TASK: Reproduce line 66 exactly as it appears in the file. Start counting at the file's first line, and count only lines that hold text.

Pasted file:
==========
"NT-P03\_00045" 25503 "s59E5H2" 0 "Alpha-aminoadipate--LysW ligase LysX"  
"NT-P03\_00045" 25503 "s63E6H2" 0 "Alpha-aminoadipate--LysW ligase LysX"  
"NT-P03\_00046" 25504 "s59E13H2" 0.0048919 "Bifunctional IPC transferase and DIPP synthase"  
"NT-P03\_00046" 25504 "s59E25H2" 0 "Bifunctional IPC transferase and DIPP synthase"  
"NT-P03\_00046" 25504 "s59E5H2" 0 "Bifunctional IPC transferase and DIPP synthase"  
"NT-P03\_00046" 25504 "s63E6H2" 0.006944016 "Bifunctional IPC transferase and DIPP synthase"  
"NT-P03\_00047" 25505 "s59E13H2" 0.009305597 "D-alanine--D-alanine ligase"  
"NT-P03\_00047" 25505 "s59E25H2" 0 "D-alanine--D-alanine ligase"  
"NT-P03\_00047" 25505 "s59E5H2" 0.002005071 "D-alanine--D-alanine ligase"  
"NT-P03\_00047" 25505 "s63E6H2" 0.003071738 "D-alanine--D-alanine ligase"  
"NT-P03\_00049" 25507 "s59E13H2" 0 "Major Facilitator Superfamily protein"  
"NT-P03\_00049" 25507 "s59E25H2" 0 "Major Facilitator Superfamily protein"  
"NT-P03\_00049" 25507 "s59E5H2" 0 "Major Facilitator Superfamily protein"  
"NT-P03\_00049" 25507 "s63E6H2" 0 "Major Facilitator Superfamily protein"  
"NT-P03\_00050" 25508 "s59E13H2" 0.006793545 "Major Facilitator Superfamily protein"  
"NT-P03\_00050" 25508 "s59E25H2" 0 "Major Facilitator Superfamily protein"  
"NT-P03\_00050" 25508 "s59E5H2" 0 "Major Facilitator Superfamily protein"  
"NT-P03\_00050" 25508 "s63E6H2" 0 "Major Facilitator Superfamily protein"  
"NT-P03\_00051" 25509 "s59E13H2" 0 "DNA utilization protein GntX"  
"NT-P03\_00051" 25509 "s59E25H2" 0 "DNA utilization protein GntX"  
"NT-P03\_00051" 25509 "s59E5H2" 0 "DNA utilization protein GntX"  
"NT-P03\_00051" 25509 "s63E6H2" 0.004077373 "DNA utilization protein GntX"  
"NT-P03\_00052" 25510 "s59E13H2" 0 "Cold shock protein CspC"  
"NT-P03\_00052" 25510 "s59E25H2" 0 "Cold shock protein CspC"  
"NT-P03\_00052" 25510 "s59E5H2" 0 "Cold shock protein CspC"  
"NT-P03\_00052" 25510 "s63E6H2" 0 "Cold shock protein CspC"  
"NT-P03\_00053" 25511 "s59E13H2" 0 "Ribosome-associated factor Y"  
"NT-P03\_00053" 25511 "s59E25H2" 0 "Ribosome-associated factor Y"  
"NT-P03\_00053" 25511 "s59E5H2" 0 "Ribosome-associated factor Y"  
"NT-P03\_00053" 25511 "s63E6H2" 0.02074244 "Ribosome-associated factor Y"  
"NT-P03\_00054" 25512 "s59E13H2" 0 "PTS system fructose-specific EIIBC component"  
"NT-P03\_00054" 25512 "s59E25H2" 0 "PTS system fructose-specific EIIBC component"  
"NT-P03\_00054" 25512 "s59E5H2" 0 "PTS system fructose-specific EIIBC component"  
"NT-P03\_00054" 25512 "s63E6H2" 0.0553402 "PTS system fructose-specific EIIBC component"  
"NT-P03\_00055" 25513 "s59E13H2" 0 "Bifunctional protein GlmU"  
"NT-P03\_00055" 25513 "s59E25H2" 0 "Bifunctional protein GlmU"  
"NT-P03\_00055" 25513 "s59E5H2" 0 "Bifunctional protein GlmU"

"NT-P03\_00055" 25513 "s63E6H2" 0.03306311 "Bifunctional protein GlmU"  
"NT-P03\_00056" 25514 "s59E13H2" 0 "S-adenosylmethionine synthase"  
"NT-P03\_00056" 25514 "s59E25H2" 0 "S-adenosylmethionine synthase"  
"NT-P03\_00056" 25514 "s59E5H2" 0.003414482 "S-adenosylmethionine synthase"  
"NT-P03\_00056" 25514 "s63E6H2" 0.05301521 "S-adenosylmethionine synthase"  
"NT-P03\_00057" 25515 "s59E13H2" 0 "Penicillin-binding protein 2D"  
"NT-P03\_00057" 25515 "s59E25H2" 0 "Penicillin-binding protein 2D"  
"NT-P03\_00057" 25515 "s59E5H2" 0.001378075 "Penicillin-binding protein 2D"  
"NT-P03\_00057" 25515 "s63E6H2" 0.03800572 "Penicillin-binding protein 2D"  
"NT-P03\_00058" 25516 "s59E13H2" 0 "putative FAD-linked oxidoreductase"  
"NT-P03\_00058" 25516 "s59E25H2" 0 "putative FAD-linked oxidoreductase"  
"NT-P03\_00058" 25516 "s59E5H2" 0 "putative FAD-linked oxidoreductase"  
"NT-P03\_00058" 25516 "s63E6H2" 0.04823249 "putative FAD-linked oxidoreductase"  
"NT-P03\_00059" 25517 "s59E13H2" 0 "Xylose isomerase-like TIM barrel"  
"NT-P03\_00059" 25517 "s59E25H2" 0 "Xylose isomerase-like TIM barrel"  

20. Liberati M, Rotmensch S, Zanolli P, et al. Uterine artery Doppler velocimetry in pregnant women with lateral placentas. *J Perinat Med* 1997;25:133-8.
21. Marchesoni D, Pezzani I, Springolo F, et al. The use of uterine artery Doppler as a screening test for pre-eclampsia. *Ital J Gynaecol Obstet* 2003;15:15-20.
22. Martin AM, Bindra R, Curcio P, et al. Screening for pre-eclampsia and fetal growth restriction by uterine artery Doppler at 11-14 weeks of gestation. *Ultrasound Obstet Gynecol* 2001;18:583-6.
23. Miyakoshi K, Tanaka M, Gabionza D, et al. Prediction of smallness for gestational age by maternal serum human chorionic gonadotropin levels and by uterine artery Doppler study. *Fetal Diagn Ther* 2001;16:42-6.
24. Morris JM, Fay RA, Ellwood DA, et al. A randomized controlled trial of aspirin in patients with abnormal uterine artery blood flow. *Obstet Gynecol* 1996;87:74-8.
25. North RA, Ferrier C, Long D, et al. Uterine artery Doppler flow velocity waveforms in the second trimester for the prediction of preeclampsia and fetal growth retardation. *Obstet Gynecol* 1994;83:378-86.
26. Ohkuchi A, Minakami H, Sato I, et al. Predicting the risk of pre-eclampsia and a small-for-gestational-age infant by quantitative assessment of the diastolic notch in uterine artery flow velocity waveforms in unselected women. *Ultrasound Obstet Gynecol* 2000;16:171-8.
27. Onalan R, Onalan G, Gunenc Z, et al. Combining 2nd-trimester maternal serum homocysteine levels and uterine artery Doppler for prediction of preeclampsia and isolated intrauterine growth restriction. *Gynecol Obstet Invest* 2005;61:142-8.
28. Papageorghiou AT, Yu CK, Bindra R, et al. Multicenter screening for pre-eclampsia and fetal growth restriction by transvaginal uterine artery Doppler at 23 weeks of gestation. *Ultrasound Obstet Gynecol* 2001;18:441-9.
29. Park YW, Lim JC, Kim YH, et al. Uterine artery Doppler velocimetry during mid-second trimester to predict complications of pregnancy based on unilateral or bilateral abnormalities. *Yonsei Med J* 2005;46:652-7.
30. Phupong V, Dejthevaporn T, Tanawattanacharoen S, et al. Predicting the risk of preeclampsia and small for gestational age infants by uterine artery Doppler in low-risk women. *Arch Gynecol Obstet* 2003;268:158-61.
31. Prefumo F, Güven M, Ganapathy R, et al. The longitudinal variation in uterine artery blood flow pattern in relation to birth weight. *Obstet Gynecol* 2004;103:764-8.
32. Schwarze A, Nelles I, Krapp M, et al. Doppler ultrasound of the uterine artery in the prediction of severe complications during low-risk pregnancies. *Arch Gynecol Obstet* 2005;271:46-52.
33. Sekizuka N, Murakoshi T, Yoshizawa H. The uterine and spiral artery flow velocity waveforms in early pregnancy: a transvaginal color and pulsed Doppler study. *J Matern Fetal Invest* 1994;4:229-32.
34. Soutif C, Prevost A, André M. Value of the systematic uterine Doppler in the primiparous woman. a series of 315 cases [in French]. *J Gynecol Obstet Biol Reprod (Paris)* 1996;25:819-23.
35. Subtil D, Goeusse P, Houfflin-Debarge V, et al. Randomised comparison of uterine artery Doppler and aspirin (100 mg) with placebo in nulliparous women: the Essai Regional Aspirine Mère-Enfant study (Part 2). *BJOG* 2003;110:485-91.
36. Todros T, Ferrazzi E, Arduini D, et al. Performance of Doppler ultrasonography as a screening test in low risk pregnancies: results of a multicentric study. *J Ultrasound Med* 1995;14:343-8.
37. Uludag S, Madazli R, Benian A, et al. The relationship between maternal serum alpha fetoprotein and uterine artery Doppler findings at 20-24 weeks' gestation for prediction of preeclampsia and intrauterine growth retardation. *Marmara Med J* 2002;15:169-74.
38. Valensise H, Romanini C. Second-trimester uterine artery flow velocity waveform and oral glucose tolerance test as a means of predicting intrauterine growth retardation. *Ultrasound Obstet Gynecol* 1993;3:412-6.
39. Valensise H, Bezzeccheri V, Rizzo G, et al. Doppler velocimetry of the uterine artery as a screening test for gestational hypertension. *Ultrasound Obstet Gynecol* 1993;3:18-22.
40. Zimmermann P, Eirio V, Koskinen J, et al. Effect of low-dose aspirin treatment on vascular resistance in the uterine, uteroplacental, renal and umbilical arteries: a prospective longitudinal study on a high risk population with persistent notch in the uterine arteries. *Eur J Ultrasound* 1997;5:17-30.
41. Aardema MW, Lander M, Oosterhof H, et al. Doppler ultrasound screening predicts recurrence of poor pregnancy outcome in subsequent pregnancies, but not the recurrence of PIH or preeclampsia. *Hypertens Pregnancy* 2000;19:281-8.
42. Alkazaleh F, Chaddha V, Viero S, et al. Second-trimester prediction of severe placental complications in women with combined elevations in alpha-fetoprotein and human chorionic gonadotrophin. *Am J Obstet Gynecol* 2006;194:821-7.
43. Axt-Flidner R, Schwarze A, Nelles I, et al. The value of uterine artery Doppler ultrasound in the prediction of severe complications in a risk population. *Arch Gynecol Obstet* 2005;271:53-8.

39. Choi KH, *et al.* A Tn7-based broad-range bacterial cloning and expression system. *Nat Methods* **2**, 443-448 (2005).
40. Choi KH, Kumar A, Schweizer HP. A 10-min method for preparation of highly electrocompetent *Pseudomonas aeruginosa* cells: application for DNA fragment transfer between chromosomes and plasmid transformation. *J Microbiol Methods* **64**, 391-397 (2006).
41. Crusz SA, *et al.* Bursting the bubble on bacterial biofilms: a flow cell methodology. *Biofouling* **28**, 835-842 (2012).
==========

33. Sekizuka N, Murakoshi T, Yoshizawa H. The uterine and spiral artery flow velocity waveforms in early pregnancy: a transvaginal color and pulsed Doppler study. *J Matern Fetal Invest* 1994;4:229-32.